Technology has advanced society so much over the last 30 years. Before then, computers were for the rich only, mobile phones didn't exist and television was terrestrial. Now there's total overchoice. I remember reading a Knowledge Magazine article with Klute who said the same thing. His subject matter was his latest album at the time - "No-One's Listening Anymore." Do you agree or disagree with that statement?

Well I wasn't listening when it was said, but then I'm not sure I would have been before I had a mobile either. The overload of media has also shown that self-publishing doesn't always produce the best quality too!

Sure. All I know is that I'm safer when I go out, I can communicate with a whole community of like-minded (and lesser so) individuals on web forums, and I can choose to switch off the box (to the level where I no longer watch or have a television). Whether overchoice helps is debatable - people can spend more time deciding now, which could impair judgement on their wider life. Where music is concerned the effects are tenfold; anyone can make a demo CD cheaply, which is healthy for sending to media outlets. MySpace has revolutionised the A&R procedure of getting music signed - see the Arctic Monkeys and their blowing up from the MySpace public. What would it take to plant the seed inside yourselves for wished mass exposure?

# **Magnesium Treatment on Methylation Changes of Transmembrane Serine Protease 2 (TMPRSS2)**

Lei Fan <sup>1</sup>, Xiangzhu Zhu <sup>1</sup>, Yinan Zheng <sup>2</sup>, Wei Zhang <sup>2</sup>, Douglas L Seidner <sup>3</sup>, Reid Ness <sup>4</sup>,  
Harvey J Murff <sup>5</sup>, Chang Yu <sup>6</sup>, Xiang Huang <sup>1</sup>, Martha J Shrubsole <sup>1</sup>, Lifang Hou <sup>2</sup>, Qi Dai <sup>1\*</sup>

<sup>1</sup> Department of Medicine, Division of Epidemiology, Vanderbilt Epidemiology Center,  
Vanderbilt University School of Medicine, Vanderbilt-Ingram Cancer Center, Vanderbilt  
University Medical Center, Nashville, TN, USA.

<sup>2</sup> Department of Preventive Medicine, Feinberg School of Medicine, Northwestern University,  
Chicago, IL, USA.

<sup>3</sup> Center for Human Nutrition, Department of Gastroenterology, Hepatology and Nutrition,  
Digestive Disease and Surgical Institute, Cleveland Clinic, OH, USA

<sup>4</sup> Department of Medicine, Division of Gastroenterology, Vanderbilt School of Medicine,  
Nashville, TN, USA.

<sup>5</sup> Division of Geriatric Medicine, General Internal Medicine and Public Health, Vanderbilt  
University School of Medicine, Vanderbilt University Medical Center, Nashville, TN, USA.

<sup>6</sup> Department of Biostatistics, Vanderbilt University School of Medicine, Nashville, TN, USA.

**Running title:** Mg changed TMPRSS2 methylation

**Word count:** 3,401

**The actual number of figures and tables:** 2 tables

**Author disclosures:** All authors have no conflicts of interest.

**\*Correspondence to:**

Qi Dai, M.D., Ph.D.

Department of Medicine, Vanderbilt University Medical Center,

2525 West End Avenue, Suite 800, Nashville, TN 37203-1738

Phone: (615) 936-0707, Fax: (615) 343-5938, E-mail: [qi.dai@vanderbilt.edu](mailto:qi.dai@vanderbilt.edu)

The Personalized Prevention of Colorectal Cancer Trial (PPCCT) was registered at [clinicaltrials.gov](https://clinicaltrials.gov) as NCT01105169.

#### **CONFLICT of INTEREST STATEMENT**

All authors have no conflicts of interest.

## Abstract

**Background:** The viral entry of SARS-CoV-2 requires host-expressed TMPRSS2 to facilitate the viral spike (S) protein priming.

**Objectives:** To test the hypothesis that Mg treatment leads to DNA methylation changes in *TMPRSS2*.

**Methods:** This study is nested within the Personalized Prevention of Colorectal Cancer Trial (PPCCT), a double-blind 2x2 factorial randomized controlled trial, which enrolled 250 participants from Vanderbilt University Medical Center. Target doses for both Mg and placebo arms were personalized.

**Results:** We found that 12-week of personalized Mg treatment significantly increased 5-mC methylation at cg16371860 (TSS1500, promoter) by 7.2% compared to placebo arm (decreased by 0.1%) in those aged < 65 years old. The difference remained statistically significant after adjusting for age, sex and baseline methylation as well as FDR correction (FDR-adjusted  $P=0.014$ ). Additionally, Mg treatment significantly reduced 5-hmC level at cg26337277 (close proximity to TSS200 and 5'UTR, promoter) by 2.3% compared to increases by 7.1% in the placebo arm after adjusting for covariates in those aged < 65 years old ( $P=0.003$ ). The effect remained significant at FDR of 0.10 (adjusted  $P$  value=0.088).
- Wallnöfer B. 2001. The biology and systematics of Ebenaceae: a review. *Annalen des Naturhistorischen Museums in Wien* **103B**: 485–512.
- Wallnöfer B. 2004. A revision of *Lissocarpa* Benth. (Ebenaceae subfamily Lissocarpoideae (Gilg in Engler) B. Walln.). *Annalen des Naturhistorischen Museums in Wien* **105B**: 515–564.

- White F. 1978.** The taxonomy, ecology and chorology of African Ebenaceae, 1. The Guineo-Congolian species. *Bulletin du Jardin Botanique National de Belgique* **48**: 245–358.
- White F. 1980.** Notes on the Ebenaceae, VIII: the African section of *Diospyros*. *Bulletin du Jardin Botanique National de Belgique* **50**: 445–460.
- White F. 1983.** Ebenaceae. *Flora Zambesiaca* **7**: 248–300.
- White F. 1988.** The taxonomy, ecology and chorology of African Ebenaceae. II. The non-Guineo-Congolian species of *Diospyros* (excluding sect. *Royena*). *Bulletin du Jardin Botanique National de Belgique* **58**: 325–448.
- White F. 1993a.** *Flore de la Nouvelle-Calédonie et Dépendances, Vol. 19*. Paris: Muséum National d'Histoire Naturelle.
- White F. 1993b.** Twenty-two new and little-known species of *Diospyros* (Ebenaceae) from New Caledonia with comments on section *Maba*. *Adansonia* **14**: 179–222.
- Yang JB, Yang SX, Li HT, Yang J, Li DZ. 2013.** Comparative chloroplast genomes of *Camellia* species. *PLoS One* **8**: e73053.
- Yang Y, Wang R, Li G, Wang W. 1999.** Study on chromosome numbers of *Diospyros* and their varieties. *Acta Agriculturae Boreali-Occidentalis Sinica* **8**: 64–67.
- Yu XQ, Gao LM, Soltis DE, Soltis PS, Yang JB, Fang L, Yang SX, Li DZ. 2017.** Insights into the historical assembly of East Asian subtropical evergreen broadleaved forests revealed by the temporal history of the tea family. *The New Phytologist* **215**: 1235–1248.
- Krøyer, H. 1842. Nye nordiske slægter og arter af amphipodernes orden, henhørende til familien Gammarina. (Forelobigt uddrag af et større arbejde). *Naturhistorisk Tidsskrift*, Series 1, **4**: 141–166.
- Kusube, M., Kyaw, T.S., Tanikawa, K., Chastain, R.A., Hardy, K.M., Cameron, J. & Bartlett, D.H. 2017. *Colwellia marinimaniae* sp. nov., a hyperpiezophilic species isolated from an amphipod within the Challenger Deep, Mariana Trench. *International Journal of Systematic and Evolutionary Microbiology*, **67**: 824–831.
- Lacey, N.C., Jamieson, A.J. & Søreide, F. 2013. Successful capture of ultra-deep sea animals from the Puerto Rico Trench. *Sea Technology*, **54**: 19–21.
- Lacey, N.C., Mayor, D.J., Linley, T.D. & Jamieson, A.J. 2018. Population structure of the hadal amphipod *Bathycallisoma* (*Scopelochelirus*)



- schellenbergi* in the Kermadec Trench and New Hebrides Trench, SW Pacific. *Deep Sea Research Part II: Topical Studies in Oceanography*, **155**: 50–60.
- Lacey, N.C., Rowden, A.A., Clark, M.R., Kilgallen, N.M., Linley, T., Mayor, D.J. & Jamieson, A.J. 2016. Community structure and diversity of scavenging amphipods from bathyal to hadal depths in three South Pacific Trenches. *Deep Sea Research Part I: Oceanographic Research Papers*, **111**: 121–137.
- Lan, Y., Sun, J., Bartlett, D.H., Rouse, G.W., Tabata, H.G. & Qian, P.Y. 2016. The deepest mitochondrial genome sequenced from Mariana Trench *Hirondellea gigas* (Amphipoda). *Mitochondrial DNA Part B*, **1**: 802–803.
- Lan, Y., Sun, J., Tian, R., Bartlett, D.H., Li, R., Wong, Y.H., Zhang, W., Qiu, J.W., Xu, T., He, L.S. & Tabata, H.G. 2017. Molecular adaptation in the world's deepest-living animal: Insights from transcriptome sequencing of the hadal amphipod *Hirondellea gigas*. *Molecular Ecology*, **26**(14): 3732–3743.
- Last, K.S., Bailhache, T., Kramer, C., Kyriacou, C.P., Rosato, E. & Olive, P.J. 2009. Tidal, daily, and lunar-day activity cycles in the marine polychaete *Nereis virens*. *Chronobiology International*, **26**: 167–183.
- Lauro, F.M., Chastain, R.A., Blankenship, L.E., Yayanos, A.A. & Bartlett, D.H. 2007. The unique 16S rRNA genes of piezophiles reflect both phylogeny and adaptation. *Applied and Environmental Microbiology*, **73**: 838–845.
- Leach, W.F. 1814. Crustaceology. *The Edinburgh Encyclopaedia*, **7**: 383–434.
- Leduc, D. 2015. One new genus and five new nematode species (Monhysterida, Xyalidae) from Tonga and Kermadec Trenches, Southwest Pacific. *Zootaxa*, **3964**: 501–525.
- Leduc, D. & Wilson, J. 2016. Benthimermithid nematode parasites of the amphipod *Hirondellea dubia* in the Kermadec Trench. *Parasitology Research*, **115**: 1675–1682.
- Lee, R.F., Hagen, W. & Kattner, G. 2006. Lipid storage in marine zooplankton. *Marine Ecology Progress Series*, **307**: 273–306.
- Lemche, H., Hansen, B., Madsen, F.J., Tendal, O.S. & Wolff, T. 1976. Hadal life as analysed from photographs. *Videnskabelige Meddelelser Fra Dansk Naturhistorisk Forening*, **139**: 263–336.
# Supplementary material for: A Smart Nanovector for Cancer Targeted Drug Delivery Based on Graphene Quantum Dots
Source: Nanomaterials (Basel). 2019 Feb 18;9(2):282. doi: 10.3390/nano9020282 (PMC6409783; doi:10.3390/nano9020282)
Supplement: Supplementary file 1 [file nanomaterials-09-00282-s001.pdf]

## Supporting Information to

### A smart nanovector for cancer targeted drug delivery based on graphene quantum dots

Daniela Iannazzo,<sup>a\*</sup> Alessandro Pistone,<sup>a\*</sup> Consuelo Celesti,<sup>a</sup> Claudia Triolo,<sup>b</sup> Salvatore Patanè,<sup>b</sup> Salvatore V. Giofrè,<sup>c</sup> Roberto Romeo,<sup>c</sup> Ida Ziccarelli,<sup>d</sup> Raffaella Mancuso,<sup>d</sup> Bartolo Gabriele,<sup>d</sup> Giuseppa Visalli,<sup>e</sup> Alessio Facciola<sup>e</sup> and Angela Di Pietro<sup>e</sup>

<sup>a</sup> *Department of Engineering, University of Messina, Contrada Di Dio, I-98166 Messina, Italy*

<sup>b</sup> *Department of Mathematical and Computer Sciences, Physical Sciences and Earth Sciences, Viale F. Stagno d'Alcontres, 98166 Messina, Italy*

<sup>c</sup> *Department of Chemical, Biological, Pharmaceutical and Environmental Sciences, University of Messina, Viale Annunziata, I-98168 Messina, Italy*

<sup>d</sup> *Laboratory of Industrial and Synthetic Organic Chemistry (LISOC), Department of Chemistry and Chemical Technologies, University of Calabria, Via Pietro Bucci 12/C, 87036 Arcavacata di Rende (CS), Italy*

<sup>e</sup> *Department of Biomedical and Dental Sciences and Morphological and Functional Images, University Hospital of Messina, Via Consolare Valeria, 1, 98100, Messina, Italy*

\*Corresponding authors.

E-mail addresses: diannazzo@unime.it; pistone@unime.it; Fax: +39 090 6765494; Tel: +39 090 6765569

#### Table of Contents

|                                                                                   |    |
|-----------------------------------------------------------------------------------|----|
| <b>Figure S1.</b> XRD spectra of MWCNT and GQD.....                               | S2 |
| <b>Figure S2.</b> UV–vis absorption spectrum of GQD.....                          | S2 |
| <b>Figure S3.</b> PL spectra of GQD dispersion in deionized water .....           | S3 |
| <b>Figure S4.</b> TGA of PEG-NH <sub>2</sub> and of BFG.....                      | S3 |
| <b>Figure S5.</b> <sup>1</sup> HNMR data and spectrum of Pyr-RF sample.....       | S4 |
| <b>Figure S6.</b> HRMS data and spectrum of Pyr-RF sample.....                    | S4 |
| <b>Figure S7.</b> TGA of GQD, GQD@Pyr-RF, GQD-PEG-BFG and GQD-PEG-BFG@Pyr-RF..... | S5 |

The industry is changing. Mass marketing is still required for mass exposure, so a major deal or investors are required to achieve that end, but product placement has dwindled and 360 deals have been born. Arctic Monkeys and such benefit from the fact that youth culture moves quickly and buys readily. Why do you think the vast majority of major artists are signed under 25?

MySpace is easier for demo distribution, but without marketing it would never propel a band alone. I watched the number of hits of a friends' band (who made the papers for all the wrong reasons recently) see their MySpace hits go through the roof, but they didn't sell any more albums. They had loads illegally downloaded however, and their gigs sell out.